The music - especially the overworld music (which you'll be hearing a lot) is incredibly well done. There's even the added touch of the train sounds actually syncing up with the music. If I had a top list of game themes, Spirit Track's overworld theme would pretty high on the list. It's incredibly catchy, gets you in the mood and you'll probably be whistling or humming along to it as you play. There's a few other songs in the game that stand out as well, such as the Goron Shooting Range theme.

Graphically, you're not really going to get any better on the DS. Spirit Track is a pretty gorgeous game considering it's on the DS and the only games that springs to mind with comparable graphics would be its predecessor and Avalon Code. This is a perfect example of why a stylised art and graphical direction are much better than trying to look realistic.

There are a few minor problems though, but they might only be a problem to the completionist. When you start a game, certain items from the treasure pool will become rare and incredibly hard for you to come by - probably to promote the trade system. This is a problem when collecting train parts since they all require a certain amount of treasure to purchase. There are workarounds to counter this, but they're still fairly time consuming. The rabbit catching fetch-quest can also a bit long and tedious, but not something to worry about unless you really want to go for a 100% save game or want your sword to shoot beams. There are also sections of slowdown while on the tracks when certain enemies appear in certain areas, though this isn't much of a problem.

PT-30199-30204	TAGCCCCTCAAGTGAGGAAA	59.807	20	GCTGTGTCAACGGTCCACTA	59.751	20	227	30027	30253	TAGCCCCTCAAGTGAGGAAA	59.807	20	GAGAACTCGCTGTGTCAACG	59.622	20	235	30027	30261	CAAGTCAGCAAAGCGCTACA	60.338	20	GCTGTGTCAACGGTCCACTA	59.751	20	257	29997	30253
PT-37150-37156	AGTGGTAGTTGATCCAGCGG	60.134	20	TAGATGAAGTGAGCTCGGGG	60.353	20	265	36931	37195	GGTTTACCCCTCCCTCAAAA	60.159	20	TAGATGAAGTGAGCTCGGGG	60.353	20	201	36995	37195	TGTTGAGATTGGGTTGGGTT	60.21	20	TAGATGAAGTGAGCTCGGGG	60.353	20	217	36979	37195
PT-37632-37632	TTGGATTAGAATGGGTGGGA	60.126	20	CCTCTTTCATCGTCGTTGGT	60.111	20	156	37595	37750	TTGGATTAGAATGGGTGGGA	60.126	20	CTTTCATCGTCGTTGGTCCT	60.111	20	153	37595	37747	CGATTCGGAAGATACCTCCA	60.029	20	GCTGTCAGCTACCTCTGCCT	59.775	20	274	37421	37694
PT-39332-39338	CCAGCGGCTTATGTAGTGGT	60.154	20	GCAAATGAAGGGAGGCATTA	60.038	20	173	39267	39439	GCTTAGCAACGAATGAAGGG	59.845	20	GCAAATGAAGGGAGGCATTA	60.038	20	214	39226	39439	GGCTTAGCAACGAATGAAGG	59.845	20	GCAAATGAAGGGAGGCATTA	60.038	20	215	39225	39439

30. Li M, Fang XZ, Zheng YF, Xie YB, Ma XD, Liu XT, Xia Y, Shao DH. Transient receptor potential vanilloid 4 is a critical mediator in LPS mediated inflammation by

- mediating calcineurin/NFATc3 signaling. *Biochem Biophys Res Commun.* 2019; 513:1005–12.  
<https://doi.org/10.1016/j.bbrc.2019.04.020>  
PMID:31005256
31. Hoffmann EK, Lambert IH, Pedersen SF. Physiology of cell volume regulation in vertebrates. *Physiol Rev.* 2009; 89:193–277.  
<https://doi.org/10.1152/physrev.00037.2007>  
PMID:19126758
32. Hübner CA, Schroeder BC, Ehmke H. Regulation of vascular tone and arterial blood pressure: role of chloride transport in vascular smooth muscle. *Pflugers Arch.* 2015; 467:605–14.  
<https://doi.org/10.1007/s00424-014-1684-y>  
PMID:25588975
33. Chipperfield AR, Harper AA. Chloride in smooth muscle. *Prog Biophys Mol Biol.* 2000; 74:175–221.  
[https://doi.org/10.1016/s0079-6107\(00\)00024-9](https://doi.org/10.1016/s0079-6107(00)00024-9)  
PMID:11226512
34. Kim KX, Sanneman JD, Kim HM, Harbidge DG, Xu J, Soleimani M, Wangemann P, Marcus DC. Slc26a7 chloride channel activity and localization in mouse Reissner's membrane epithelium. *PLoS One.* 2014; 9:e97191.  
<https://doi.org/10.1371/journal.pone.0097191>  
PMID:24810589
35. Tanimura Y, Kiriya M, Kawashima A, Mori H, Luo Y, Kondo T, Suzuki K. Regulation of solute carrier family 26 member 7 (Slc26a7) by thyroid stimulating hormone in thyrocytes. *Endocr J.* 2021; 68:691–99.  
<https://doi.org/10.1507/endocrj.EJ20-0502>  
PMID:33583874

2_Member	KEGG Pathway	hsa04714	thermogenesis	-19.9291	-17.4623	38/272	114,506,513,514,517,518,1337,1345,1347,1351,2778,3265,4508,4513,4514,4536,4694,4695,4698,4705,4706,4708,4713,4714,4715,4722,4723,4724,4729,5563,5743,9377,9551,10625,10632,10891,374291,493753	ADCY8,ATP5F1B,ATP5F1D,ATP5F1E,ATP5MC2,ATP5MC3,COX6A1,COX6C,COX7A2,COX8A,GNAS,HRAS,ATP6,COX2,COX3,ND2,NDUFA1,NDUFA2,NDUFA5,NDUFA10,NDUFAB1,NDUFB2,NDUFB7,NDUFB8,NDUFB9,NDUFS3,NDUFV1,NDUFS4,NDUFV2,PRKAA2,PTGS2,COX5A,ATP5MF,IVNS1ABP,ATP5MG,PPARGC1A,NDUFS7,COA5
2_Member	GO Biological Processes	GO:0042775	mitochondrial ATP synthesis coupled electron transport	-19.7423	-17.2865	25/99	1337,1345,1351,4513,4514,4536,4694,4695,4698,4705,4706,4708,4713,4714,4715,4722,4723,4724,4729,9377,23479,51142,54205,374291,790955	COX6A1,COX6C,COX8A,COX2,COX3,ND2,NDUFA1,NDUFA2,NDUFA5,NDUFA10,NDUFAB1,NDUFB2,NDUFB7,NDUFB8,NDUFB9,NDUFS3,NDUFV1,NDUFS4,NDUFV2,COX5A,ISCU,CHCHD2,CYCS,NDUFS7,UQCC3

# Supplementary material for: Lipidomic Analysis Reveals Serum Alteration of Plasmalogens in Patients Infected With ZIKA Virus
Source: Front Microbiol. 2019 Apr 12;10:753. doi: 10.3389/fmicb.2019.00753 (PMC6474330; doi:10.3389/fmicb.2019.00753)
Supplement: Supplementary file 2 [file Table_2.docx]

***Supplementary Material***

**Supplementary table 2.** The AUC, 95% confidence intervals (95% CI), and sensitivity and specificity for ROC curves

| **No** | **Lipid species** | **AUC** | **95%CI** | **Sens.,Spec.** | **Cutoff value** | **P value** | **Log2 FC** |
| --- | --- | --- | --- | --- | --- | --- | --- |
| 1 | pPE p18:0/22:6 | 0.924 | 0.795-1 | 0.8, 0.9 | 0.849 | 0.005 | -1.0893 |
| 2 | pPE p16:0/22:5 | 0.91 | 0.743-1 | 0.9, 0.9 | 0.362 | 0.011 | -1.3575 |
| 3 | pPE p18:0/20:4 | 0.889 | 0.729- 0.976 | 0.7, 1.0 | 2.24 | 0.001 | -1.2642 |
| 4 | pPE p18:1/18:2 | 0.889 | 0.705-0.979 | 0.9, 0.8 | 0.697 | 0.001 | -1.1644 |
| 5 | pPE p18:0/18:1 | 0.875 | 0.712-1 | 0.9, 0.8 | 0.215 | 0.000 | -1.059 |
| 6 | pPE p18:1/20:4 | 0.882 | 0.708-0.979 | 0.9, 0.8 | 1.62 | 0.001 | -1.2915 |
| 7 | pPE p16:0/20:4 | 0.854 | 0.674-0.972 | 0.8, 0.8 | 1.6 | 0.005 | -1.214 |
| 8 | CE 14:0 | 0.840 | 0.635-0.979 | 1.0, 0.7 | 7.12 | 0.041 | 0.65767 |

So overall, I personally find this game to be the best handheld Zelda game available. While Link's Awakening and the Oracle games were amazing for their time, Spirit Tracks just brings everything to an entirely new level while still managing to introduce some new themes without falling on its face.

It's not your conventional Zelda game, and it's all the better because of it.
Comment Comment (1) | Permalink | Most recent comment: May 17, 2012 8:34 PM BST